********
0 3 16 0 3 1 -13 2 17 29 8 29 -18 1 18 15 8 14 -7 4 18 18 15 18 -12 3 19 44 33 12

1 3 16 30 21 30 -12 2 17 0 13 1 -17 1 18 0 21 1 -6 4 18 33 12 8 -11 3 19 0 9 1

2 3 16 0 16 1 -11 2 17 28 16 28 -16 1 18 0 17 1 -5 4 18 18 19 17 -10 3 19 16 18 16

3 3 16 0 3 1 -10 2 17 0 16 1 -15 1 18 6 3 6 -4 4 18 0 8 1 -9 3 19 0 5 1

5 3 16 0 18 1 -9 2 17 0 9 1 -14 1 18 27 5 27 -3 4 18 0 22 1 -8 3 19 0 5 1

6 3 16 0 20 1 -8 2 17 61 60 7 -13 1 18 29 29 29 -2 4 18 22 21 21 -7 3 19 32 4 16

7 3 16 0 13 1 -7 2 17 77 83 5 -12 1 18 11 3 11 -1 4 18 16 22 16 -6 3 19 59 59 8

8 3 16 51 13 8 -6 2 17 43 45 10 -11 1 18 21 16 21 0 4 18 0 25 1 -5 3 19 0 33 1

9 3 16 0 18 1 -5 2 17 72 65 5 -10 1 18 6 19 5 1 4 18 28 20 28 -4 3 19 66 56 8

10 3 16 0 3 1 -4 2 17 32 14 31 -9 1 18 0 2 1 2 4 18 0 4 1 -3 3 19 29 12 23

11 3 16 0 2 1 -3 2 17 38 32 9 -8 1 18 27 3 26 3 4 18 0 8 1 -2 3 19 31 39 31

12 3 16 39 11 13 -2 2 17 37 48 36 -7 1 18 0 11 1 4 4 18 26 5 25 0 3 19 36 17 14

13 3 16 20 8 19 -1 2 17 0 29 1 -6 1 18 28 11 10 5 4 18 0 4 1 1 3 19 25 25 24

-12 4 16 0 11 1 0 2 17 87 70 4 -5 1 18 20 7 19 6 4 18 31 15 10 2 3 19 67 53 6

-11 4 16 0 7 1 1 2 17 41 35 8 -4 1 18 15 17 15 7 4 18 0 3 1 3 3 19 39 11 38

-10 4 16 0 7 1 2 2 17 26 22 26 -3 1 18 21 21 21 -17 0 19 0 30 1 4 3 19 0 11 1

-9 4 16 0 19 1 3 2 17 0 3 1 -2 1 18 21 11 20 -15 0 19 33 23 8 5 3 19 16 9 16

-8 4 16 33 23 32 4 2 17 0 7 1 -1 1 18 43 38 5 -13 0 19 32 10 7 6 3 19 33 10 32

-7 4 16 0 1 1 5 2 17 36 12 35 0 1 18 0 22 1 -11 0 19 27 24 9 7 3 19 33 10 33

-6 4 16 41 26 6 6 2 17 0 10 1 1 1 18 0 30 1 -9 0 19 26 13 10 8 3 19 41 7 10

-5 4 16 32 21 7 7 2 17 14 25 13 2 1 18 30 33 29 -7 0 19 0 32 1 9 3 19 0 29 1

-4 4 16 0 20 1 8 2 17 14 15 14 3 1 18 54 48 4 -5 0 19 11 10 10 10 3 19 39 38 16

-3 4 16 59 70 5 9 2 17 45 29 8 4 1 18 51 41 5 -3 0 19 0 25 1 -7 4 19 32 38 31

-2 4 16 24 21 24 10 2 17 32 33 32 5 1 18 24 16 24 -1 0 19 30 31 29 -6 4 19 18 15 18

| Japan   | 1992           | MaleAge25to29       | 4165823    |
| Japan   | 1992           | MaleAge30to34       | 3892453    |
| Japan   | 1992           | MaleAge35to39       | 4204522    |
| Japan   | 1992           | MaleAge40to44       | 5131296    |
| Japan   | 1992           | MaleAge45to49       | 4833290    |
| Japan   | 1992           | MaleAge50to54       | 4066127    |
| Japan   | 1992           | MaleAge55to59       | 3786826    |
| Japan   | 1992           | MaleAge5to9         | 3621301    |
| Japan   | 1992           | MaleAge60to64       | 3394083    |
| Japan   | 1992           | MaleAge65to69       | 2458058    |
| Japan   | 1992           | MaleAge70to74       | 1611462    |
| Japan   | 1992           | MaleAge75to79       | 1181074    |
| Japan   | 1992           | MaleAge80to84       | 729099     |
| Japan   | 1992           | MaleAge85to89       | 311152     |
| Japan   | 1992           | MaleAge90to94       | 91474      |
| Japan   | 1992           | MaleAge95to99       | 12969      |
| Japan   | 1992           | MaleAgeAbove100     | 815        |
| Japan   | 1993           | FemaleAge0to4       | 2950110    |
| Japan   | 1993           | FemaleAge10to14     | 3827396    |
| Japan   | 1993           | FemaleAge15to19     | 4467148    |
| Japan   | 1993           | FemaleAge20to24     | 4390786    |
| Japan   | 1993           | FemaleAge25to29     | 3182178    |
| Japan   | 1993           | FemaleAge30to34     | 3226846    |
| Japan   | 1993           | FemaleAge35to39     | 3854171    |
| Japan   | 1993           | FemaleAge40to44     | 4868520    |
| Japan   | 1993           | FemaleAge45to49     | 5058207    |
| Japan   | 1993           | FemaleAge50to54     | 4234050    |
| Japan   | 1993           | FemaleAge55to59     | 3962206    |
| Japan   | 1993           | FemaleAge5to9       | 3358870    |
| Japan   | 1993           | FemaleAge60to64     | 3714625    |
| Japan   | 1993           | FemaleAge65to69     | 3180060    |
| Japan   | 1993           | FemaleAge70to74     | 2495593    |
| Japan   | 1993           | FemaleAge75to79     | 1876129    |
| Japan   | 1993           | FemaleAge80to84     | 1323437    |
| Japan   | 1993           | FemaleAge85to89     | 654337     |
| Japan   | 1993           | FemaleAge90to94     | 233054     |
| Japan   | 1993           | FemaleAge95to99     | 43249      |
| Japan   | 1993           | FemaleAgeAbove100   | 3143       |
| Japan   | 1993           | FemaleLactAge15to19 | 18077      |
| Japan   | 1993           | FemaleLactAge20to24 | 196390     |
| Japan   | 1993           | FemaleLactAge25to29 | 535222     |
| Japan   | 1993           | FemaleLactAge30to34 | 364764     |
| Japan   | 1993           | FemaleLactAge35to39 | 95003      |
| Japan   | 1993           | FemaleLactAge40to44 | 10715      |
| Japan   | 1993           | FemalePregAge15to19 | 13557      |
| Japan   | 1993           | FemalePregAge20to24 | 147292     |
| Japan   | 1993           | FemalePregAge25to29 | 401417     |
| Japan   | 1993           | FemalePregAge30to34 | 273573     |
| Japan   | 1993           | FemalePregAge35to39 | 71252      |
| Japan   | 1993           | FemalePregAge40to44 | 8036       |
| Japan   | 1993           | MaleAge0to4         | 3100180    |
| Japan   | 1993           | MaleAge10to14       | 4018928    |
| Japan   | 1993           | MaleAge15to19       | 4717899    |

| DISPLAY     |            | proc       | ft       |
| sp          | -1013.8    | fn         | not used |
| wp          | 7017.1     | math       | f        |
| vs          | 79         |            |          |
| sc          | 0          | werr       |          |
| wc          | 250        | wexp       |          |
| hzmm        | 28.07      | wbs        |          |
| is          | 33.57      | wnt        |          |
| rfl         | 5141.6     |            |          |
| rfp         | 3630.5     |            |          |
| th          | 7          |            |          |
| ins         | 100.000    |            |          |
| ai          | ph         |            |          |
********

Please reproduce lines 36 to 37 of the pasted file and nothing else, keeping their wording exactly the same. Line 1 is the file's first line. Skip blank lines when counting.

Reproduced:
| Japan   | 1992           | MaleAge75to79       | 1181074    |
| Japan   | 1992           | MaleAge80to84       | 729099     |